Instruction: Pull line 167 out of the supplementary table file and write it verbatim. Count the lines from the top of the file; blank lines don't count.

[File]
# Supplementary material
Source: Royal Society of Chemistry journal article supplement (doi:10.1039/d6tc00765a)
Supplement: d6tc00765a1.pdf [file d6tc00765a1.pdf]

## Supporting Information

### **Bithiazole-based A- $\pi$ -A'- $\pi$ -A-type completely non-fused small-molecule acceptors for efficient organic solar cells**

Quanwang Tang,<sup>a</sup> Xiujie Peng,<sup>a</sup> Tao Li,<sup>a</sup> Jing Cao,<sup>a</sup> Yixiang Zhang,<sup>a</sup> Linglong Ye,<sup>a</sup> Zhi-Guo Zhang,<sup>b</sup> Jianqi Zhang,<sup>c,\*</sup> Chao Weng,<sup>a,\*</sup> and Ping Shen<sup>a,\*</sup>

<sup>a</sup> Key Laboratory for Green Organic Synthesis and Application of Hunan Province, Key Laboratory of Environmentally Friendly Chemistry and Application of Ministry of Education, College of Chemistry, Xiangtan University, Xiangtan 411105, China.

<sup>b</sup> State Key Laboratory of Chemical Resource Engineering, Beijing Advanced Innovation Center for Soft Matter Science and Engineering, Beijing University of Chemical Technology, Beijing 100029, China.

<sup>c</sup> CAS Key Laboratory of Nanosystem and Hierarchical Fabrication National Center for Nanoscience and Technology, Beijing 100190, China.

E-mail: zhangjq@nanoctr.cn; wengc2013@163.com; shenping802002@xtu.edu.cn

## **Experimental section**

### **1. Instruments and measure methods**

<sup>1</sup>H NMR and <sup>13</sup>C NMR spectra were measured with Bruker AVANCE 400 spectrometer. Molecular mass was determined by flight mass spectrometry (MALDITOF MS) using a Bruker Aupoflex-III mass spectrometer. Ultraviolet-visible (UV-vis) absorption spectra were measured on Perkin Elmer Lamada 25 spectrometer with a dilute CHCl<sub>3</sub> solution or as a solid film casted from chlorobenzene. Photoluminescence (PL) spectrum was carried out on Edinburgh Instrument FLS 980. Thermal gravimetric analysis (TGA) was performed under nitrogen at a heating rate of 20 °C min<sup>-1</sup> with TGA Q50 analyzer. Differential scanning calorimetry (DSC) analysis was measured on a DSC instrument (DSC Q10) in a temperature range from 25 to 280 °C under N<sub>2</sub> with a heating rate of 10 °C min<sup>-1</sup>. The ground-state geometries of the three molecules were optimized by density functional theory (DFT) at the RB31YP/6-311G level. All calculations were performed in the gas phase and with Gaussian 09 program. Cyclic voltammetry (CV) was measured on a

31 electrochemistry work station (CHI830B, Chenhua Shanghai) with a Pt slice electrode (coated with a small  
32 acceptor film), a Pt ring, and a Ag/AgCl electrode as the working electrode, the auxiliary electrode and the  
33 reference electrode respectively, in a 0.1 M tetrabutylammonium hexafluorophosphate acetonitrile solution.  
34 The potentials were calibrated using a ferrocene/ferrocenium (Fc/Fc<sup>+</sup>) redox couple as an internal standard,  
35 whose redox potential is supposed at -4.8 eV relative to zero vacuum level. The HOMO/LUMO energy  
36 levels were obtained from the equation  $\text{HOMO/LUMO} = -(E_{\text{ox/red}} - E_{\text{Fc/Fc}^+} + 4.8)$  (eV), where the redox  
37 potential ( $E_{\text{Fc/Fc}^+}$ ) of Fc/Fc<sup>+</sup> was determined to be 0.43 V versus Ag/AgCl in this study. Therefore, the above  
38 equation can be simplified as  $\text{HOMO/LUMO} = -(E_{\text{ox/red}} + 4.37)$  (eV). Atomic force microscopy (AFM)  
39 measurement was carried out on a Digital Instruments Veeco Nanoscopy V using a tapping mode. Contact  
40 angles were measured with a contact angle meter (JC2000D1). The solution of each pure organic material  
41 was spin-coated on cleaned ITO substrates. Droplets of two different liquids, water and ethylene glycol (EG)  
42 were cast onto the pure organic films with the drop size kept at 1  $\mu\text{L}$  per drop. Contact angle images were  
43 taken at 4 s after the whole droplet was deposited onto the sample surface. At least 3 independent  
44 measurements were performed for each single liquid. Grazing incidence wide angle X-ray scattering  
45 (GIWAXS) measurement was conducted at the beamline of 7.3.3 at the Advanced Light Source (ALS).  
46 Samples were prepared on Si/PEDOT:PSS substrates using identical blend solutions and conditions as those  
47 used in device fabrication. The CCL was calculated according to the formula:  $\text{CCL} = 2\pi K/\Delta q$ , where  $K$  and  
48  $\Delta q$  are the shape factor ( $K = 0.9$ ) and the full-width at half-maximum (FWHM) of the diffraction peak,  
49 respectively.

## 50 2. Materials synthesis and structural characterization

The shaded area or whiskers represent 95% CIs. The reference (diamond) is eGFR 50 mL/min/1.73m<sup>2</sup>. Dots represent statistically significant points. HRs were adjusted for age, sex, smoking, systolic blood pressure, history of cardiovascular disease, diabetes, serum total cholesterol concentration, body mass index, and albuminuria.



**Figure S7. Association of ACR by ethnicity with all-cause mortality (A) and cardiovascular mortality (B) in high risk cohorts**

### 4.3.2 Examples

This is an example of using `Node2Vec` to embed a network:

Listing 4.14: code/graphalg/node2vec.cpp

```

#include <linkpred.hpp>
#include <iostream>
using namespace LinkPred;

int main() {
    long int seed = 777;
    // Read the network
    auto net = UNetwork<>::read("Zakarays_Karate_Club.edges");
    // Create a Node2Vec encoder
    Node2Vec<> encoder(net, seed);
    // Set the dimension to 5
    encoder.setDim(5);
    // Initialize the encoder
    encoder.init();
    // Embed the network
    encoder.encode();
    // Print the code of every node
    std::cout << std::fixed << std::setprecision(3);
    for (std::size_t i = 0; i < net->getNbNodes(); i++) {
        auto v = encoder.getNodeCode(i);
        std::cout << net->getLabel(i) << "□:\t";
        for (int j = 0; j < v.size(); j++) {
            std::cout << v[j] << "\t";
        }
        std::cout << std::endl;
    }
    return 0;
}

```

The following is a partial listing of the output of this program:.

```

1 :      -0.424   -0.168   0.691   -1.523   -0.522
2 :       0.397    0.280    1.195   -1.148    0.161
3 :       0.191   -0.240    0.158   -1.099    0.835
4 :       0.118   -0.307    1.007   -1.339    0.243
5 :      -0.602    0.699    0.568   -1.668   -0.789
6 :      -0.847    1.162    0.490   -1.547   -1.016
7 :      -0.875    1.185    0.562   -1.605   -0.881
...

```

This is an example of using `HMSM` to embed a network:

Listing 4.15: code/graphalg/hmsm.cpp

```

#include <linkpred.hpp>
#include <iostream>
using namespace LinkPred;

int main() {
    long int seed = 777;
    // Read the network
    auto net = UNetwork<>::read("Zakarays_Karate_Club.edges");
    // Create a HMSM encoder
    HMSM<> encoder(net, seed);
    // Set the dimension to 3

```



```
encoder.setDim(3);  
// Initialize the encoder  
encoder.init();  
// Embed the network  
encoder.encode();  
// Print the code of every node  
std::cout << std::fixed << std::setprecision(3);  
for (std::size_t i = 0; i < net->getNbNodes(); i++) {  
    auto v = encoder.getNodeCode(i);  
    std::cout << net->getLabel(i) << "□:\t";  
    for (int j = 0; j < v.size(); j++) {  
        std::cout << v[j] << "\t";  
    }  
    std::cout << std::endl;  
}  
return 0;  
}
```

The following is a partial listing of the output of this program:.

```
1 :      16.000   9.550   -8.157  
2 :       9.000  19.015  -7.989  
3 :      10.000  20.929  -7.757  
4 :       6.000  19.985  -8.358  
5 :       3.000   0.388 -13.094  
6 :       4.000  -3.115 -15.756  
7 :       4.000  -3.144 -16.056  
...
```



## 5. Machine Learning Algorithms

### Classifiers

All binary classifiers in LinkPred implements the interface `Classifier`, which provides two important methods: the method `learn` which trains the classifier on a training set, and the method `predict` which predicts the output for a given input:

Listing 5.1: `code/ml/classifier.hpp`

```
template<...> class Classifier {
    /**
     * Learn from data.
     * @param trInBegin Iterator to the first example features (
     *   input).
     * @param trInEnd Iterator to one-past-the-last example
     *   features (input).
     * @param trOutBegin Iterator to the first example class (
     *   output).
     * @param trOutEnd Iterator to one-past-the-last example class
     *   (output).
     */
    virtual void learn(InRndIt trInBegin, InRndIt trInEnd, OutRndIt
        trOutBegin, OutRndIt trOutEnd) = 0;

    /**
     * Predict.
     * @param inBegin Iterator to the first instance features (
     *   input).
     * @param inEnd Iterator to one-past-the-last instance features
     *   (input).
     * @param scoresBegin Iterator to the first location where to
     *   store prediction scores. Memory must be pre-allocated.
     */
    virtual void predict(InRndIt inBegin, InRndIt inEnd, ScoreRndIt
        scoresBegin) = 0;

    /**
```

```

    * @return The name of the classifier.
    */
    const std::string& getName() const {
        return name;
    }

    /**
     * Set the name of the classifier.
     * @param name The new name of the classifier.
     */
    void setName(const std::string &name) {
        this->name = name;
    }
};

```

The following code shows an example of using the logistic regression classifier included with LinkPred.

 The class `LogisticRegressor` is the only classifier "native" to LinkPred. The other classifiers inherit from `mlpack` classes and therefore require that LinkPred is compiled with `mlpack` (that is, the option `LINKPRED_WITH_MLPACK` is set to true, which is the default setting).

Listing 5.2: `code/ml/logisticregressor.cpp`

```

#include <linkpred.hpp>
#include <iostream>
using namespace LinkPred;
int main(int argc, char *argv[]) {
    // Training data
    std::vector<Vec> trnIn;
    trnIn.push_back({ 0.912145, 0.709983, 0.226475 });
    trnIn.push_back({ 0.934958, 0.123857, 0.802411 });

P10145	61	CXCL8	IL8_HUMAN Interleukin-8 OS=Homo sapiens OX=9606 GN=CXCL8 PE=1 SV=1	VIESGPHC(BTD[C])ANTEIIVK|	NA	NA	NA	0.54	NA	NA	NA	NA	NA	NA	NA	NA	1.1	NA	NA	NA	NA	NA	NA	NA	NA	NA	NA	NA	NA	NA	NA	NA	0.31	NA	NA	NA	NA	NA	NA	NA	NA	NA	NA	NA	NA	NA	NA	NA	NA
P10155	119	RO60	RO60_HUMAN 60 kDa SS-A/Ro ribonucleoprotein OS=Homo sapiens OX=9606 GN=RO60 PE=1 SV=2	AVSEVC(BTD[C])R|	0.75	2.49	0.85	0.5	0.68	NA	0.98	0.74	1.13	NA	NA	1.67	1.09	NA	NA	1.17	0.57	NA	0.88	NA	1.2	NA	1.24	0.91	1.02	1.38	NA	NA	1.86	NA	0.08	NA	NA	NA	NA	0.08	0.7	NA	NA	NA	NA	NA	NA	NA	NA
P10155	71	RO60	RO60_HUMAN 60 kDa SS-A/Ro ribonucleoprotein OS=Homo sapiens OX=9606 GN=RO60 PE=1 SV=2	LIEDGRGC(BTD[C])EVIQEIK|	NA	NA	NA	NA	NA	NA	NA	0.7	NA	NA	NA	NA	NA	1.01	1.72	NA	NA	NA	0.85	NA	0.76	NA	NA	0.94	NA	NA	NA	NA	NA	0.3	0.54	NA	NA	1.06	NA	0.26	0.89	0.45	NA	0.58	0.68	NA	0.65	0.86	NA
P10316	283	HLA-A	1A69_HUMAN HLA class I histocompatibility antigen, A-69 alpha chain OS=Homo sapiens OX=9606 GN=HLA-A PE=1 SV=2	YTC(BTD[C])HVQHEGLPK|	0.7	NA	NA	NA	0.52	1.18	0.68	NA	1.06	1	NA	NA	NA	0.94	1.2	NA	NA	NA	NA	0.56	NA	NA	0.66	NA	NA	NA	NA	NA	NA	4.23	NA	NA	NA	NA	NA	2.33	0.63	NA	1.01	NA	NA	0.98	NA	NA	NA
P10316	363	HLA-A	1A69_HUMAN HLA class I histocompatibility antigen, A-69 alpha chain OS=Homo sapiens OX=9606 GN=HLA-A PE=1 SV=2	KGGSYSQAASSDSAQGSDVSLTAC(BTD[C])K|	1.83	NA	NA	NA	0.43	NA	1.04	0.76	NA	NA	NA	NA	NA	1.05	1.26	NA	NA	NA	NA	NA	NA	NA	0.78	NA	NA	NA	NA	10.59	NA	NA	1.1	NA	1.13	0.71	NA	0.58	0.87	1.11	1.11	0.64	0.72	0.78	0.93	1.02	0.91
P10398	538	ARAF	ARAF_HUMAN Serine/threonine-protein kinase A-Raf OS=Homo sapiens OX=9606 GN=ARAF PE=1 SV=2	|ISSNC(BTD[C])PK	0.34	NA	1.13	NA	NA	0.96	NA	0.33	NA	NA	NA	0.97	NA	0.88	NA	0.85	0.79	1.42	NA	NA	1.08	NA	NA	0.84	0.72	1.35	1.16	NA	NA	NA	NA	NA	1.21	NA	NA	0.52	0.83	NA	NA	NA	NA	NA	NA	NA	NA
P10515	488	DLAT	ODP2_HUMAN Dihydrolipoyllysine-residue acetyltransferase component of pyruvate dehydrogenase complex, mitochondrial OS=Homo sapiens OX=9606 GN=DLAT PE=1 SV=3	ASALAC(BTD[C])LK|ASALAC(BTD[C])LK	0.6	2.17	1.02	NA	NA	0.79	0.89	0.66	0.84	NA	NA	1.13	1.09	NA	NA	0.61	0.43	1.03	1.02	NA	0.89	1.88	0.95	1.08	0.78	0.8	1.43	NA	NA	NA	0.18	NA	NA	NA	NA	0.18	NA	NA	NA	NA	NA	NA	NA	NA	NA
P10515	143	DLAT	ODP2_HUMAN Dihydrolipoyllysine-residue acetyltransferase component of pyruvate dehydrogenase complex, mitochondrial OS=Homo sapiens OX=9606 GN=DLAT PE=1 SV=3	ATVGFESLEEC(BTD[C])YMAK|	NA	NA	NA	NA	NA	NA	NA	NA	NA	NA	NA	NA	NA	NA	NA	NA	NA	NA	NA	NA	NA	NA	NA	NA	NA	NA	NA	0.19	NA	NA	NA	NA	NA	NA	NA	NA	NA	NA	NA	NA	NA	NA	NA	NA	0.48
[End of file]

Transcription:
    }